The number of hunters continues to drop nationwide and with it the connection to the land of the next generation.
According to USA Today,, hunting license sales have dropped from 19.1 million in 1975 to only 12.5 million in 2006, the U.S. Fish and Wildlife Service reports. It’s a continuation of the trend that is both cultural and generational.
Last weekend, I took my son David and my six-year-old grandson, Alex, deer hunting. David worked his way down the mountain as Alex and I still-hunted along an old logging road.

Federal wildlife official blames deer feeder for grizzly bear's death

Tom Holman of Nordman in North Idaho knows his rights.

He has lived on Priest Lake in North Idaho for 40 years, the “crown jewel of Idaho."

It’s in the heart of habitat for one of the most imperiled grizzly bear populations in North America. But that doesn’t change the fact he has the right to leave corn out in his back yard to attract wild animals so he can photograph them.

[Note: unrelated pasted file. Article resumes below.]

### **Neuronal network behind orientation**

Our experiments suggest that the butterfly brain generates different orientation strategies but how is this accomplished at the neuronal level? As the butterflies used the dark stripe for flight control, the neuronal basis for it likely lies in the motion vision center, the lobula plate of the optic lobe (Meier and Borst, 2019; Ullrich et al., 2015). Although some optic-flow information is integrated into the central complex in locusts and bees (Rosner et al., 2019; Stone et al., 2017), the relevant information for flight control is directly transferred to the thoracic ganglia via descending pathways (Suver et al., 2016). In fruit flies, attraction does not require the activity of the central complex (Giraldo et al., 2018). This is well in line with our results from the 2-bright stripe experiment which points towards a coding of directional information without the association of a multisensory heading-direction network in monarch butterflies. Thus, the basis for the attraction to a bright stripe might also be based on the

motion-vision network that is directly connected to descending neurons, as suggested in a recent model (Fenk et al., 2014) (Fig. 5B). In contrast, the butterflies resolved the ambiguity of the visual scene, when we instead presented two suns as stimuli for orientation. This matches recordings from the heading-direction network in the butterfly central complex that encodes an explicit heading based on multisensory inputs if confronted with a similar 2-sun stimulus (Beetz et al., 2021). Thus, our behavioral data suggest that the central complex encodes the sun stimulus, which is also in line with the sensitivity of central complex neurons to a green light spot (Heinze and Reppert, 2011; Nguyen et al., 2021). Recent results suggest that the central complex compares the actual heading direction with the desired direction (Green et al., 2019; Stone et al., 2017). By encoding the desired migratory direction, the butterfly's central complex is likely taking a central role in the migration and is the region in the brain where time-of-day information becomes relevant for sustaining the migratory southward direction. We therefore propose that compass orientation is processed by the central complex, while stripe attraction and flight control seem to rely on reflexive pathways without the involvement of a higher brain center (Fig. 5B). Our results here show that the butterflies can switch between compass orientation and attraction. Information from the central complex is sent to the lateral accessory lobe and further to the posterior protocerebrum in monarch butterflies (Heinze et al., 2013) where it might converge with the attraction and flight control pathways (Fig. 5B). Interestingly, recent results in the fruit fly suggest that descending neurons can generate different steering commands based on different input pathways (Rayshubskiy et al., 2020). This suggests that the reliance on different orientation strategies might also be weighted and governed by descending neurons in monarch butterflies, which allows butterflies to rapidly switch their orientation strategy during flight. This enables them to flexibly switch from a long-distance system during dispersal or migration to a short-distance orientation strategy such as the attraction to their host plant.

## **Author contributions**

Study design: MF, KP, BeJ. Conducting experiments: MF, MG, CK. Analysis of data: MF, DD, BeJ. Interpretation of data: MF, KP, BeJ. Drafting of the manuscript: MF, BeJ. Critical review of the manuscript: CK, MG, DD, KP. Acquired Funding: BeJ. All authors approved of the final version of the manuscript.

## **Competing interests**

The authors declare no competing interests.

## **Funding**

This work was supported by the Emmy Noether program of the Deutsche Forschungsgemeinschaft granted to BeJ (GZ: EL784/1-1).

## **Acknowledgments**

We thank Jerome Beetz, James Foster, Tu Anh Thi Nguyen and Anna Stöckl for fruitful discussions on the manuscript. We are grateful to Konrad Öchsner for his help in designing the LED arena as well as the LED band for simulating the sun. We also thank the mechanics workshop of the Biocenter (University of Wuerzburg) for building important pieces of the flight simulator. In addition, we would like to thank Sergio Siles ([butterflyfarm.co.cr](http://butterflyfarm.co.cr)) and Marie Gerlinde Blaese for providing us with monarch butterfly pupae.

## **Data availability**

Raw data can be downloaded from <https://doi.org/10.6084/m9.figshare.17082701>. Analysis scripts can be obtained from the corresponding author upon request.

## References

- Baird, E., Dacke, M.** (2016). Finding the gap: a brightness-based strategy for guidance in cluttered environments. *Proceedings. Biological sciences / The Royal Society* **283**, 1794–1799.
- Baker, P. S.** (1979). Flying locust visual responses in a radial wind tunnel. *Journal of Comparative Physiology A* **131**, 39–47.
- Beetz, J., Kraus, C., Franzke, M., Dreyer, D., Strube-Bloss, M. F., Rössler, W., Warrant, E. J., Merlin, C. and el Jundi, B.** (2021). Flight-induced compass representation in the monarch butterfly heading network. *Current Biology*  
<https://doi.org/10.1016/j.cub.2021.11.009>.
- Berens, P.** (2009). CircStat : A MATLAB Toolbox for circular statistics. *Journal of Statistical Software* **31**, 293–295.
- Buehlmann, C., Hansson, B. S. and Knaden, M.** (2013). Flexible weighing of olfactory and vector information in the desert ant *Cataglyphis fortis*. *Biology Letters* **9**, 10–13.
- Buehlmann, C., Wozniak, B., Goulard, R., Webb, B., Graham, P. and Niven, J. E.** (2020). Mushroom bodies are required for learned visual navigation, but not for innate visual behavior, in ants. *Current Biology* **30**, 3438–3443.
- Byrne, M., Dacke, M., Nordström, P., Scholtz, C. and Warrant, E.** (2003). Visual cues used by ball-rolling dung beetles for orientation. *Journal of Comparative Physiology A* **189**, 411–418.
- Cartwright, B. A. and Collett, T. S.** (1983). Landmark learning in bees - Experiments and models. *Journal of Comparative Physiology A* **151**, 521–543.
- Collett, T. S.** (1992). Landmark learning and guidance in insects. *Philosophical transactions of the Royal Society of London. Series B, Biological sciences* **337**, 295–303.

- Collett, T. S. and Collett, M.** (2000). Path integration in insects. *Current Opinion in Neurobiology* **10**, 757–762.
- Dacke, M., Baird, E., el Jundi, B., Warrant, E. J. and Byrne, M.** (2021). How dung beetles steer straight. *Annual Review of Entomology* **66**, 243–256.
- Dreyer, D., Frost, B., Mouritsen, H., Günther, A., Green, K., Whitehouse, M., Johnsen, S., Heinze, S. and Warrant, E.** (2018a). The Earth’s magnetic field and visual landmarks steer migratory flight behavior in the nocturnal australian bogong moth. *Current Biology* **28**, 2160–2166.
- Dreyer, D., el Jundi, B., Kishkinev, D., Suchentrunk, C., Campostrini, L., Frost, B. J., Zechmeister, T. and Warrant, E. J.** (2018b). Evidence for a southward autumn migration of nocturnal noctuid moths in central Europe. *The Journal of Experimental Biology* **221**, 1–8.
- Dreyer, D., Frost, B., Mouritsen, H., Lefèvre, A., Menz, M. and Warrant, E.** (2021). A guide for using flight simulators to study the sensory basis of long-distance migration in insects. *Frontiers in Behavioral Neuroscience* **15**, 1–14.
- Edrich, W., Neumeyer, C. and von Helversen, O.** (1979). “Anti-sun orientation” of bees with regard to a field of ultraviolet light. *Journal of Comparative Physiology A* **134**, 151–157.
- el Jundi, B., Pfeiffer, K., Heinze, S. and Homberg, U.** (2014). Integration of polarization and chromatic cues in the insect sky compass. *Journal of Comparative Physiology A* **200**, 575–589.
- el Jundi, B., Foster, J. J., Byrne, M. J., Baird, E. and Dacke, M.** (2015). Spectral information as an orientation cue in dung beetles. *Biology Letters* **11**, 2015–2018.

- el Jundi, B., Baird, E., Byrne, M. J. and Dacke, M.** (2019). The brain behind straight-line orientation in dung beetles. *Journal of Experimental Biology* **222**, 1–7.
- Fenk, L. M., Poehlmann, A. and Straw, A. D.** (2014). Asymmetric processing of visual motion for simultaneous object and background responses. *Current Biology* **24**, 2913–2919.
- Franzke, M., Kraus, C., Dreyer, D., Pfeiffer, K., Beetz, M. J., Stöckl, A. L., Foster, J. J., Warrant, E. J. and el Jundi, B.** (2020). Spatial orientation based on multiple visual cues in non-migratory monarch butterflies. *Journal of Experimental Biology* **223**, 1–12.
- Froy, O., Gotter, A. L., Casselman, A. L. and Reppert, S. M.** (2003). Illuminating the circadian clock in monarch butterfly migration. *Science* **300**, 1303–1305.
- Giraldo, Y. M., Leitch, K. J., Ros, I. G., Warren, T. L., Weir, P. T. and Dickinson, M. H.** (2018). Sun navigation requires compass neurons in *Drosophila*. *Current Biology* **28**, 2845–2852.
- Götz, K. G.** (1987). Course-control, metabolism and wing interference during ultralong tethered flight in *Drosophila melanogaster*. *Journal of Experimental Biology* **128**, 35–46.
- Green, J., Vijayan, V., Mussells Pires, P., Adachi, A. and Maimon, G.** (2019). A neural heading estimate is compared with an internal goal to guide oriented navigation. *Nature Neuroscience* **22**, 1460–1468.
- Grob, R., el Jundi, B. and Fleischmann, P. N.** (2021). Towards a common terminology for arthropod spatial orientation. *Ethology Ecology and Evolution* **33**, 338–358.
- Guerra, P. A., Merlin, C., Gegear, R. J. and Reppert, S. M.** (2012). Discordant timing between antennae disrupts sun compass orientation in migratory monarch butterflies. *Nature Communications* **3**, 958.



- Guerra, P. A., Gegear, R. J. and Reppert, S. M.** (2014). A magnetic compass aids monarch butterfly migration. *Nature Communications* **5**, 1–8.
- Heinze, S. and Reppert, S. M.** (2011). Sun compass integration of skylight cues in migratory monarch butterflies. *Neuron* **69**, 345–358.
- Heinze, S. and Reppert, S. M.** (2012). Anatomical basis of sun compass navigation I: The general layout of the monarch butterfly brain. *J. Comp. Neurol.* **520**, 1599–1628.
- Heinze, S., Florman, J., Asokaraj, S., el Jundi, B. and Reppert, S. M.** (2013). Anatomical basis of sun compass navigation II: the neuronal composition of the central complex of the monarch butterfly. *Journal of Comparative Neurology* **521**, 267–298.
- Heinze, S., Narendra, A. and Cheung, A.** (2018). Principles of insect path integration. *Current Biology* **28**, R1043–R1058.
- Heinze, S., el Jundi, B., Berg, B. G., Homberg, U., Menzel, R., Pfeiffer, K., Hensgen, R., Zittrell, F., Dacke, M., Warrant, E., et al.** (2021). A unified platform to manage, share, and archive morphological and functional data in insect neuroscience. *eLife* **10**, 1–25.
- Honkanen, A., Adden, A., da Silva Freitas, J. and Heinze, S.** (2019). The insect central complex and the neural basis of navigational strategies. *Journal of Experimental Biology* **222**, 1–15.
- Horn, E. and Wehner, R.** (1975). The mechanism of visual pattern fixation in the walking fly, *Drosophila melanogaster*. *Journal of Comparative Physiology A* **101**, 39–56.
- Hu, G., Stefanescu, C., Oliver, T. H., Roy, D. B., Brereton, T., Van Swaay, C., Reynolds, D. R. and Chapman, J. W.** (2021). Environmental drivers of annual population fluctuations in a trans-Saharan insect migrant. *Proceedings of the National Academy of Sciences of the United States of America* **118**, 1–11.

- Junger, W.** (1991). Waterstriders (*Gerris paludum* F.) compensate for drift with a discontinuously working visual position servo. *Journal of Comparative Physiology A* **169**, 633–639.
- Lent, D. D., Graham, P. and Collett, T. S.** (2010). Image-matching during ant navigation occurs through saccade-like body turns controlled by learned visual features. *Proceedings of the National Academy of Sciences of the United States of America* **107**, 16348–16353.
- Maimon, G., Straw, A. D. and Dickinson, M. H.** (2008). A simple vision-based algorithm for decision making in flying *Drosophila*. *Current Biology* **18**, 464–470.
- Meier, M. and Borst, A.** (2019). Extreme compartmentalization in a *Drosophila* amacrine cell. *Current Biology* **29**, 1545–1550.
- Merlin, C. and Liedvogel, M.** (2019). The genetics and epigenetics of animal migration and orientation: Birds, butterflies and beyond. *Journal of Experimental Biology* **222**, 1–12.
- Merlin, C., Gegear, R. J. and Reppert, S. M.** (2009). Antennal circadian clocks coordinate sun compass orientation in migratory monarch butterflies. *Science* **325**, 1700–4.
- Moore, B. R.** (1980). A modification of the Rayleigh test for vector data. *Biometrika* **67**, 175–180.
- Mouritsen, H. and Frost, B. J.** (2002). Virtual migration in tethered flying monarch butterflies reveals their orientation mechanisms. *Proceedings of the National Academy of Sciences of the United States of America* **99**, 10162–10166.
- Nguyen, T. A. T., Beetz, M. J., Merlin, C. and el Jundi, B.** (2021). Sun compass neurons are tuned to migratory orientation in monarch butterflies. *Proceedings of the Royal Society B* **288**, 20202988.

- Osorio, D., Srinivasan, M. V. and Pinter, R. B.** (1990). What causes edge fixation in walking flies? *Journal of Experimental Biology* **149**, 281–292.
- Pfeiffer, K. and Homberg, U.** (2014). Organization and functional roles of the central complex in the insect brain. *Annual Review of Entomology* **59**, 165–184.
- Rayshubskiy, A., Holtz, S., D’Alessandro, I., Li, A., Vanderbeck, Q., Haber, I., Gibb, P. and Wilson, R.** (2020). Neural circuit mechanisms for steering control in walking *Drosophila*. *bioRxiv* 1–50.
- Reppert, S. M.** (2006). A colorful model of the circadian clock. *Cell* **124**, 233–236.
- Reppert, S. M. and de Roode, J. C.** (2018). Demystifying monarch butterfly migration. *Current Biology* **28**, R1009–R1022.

It’s private property, after all.

The millions of dollars the federal government is spending to recovery grizzly bears in the Selkirk Mountains is its own problem. He’s just trying to make a little extra money as a wildlife photographer selling photos on his website.

New rule grass-fed beef rule pits two environmental ideas against each other

The Union of Concerned Scientists is applauding a new federal rule that ensures people who buy grass-fed beef don’t get meat from cows raised in feedlots.

The Washington-based environmental group, which prides itself on its scientifically based political positions, said beef from cows that are truly fed on grasses on the wide open range are not only healthier but better for the environment.

“Raising livestock on pastures avoids the crowding and illnesses that plague livestock in confined animal feeding operations (CAFOs),” the group said in its press release Thursday. “Modern grass-fed methods are also more cost-effective and environmentally friendly because they take advantage of low-cost grasses that typically require little added water, and few or no synthetic fertilizers and pesticides. A growing number of farmers across the country are now turning to this modern approach to livestock production.”